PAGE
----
You may rememeber some time ago I wrote a post about the bunch of dirty stuff I’ve found in an old container. Computers, parts, software, almost everything, but most of all filthy dirty things.
One of the few things that wasn’t ready for the dump was the Philips VG-8020, one of the most common home computers using the MSX Standard, at least in Italy. A lot of computer back then were built towards this Standard, like Toshiba HX-10, Epcom Hotbit, Canon V-20 and the boss, Sony HB-201P, in my opinion one opf the best looking ever made.
The computer was under a ton of other stuff, mainly keyboard and was covered with a dense coat of dust. I picked it up anyway, trusting that maybe it could have been recovered. I’ve brought it home and first of all I removed 99% of the dust on it, then I used some degreaser to clean as much as I could and when I finally saw the original color I noticed it was actually in a good shape. Only a few minor scratches in one corner but the rest was good. Obviously it would need a bit of retrobrighting, especially on the keys but for the moment it was ok like this.
Then I opened it to check if there was something missing, leaking or some rust. I’m not an expert but I can recognise some rust and I can tell if the main board is damaged. To my big surprise everything was perfect, even better that I thought: no rust, no dust, everything clean like in a operating theatre. Even the slot for the cartridges was pristine with no sign of the 30 and more years of age.
Unfortunately I had no cables and no cassette games to test it nor cartridge games that nowadays are quite expensive and difficult to find. The only way to test the computer was finding some spare generic cables hoping they would be fitting. I snapped the power lead from the machine to remove the nailvarnish from my GF (thanks sweetheart) and I took the video cable from my Mega Drive.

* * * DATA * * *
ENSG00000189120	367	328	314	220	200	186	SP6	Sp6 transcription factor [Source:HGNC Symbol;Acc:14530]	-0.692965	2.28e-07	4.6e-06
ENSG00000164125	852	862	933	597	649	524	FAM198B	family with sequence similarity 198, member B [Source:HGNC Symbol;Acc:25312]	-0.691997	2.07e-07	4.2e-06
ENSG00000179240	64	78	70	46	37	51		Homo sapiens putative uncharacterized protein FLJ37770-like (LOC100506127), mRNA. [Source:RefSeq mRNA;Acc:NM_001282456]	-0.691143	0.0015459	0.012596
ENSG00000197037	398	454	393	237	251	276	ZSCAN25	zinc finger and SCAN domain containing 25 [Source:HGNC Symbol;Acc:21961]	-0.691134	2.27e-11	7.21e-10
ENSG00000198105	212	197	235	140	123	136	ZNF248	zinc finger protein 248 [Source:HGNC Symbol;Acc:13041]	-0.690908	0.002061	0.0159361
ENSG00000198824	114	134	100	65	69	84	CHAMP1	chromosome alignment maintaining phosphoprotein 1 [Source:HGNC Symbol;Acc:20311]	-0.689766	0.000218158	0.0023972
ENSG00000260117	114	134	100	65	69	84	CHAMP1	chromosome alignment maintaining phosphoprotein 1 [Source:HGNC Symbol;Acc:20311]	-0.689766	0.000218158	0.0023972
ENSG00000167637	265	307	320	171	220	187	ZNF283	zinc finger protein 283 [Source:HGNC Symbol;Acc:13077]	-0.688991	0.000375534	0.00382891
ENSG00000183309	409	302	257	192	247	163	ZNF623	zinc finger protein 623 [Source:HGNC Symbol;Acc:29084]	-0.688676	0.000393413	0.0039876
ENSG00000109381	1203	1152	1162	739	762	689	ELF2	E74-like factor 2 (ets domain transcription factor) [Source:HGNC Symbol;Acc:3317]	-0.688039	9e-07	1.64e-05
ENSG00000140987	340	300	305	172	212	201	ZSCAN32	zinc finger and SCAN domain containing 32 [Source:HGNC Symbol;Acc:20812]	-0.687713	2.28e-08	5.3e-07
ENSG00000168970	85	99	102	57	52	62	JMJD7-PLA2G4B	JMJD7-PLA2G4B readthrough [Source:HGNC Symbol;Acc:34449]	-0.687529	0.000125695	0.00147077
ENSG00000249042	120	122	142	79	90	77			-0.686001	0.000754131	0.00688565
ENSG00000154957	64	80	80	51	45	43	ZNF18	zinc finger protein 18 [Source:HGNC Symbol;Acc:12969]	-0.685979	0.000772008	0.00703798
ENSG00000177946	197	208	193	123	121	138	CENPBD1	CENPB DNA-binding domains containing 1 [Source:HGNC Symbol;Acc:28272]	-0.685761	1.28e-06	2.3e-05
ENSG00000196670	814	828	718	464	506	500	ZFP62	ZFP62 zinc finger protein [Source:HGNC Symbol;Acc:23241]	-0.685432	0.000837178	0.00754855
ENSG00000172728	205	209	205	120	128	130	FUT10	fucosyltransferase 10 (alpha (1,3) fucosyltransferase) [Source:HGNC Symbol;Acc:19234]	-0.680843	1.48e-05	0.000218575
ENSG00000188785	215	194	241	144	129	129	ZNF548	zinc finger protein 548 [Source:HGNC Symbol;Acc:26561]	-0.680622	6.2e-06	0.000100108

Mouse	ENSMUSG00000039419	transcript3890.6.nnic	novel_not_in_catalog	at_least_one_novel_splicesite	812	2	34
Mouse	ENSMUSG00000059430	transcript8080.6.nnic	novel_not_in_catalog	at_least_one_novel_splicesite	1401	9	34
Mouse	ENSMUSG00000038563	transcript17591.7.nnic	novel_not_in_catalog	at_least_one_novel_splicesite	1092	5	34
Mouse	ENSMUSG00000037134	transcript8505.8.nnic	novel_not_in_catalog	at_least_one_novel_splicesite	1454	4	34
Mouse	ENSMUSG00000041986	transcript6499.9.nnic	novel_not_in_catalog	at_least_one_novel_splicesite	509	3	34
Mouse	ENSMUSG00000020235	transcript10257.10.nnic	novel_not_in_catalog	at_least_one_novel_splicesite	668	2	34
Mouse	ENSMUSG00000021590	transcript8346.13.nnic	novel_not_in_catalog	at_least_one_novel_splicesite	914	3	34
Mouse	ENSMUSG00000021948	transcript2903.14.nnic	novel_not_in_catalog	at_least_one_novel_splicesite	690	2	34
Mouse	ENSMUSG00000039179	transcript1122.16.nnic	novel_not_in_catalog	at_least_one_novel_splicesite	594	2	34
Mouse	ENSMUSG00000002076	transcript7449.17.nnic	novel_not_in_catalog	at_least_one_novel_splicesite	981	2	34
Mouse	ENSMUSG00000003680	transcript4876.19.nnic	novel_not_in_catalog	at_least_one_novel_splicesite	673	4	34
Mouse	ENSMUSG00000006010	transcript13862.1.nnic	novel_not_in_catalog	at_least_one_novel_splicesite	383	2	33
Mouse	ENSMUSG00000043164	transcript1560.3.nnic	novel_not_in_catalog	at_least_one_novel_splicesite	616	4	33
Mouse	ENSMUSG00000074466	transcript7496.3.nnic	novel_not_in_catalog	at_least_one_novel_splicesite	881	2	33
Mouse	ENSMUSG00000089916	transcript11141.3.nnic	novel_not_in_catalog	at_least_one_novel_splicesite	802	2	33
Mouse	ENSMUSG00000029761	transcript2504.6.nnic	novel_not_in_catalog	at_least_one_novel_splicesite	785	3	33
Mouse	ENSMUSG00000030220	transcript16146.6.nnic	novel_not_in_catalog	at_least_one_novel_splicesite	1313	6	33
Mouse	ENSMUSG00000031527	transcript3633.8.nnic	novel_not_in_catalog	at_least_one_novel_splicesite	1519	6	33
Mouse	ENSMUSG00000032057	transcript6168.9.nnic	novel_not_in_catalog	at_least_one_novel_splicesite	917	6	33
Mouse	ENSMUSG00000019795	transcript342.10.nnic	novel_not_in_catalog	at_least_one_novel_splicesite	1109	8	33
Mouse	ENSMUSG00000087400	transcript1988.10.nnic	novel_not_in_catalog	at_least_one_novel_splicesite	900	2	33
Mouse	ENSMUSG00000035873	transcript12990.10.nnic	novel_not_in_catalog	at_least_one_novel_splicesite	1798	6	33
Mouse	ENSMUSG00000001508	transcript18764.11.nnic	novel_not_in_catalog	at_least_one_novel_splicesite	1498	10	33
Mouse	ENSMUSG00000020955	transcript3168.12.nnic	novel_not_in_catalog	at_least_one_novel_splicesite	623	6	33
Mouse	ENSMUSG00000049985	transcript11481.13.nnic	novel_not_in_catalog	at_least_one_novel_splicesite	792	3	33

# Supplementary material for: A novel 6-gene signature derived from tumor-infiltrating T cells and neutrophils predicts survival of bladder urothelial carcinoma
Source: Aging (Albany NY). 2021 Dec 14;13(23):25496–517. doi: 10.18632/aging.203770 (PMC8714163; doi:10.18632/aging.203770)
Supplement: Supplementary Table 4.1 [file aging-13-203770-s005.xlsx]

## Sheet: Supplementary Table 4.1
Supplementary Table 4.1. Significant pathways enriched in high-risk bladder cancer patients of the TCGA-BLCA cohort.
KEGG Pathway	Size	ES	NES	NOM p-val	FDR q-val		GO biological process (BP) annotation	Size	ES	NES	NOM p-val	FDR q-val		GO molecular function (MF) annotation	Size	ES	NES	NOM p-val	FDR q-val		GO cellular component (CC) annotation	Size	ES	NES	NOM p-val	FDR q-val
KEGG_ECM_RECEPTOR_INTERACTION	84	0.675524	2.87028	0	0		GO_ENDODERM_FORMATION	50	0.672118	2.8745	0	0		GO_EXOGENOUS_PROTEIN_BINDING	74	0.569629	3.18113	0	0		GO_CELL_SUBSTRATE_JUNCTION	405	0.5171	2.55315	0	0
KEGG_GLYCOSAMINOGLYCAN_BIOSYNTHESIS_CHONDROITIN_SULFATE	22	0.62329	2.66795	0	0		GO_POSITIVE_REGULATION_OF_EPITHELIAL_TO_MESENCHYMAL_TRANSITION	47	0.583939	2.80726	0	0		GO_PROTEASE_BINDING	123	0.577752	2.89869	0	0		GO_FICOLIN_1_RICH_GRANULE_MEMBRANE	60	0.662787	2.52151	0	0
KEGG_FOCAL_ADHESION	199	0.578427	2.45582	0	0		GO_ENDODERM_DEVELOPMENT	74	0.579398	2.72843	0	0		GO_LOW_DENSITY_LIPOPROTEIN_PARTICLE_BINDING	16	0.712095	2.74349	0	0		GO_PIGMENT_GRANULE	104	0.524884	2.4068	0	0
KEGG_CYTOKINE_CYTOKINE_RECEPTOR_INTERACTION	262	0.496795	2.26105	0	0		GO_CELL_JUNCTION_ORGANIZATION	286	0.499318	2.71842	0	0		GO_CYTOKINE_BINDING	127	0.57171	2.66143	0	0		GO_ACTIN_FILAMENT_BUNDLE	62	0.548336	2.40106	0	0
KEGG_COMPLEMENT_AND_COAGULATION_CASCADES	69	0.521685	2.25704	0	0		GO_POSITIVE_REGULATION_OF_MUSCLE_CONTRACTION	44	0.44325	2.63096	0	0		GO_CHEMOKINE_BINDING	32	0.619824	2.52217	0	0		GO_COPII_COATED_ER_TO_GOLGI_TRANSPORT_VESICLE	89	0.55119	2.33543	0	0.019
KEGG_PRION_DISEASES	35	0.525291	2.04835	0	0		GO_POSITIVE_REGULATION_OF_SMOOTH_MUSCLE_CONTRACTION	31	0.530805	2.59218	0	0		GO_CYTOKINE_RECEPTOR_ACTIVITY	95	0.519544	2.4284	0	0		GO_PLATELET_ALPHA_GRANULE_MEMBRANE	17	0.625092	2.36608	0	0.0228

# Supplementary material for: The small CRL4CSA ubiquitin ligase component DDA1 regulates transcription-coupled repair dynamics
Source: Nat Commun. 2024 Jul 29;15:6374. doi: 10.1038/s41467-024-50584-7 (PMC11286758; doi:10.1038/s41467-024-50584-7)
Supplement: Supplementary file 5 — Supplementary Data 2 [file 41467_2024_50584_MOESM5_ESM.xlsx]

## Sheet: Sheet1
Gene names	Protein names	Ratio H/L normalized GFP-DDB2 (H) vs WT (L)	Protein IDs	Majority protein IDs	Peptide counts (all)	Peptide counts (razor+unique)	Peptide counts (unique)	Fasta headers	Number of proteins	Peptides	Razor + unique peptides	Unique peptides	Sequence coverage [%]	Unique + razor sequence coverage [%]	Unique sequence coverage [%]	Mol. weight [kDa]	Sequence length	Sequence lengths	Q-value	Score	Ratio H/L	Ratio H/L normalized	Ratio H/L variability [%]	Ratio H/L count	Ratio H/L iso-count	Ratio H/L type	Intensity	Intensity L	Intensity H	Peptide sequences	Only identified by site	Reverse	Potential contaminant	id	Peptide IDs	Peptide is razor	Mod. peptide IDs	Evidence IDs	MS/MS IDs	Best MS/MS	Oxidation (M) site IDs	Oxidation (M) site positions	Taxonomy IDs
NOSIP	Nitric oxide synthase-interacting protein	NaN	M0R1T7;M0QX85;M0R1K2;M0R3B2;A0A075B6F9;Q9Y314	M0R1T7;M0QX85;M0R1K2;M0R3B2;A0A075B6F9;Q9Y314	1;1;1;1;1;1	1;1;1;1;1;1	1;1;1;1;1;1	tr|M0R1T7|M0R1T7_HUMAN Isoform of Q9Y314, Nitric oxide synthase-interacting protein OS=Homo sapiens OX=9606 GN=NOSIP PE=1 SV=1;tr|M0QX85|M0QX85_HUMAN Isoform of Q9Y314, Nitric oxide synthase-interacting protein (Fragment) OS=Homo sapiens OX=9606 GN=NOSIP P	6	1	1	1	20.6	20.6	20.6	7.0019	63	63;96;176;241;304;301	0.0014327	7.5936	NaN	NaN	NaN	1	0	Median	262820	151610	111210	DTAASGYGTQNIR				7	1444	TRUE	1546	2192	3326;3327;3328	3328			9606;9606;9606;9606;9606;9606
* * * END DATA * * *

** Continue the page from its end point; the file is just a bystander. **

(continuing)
I was very afraid to try it because I was hooking up a computer that was left in a dirty place for decades and god only knows what kind of things could have happened to it. Plus I was testing it with an unofficial cable and I didn’t know if it was enough to support the 24W of the computer. Also the video cable it wasn’t the original.
The first smoke test luckily gave me no worries even though I reckon that I did power up the computer with my eyes closed. I turned the TV on the channel I reserved for the home computers and the consoles (except the Atari 2600 that has its own channel) and everything was working great! I tried all the keys and everything was working and even the audio was ok, even though I could hear only a BEEP. There’s only a small issue with the spacebar: it works but is missing two springs so sometimes it reamains stuck on one side but with some old key-smashing technique it comes back easily. Considering where it was stored and its conditions it’s already a miracle is still working so it’s ok like this, maybe someday, I don’t know when and how, I’ll manage to find the two springs I miss.
A few days ago while I was placing in order my C64 cassettes I noticed that in the bunch of the non original ones I put by mistake an MSX game, Hopper. The cover is so poor that it looked like a repro but it wasn’t. I was happy to have finally found something to test my computer but the problem is that the MSX has its proprietary cable to connect a tape recorder, so is not the standard mono cable but a DIN, so now I need to find a DIN-DIN cable (luckily enough mu cassette recorder has a DIN socket on the side).
Unfortunately (for my collection) I will probably sell it. I’ve told to the owner I would have sold the working stuff to earn some money to donate to the Public Assistance so I have to keep my promise. Let’s see how it will ends!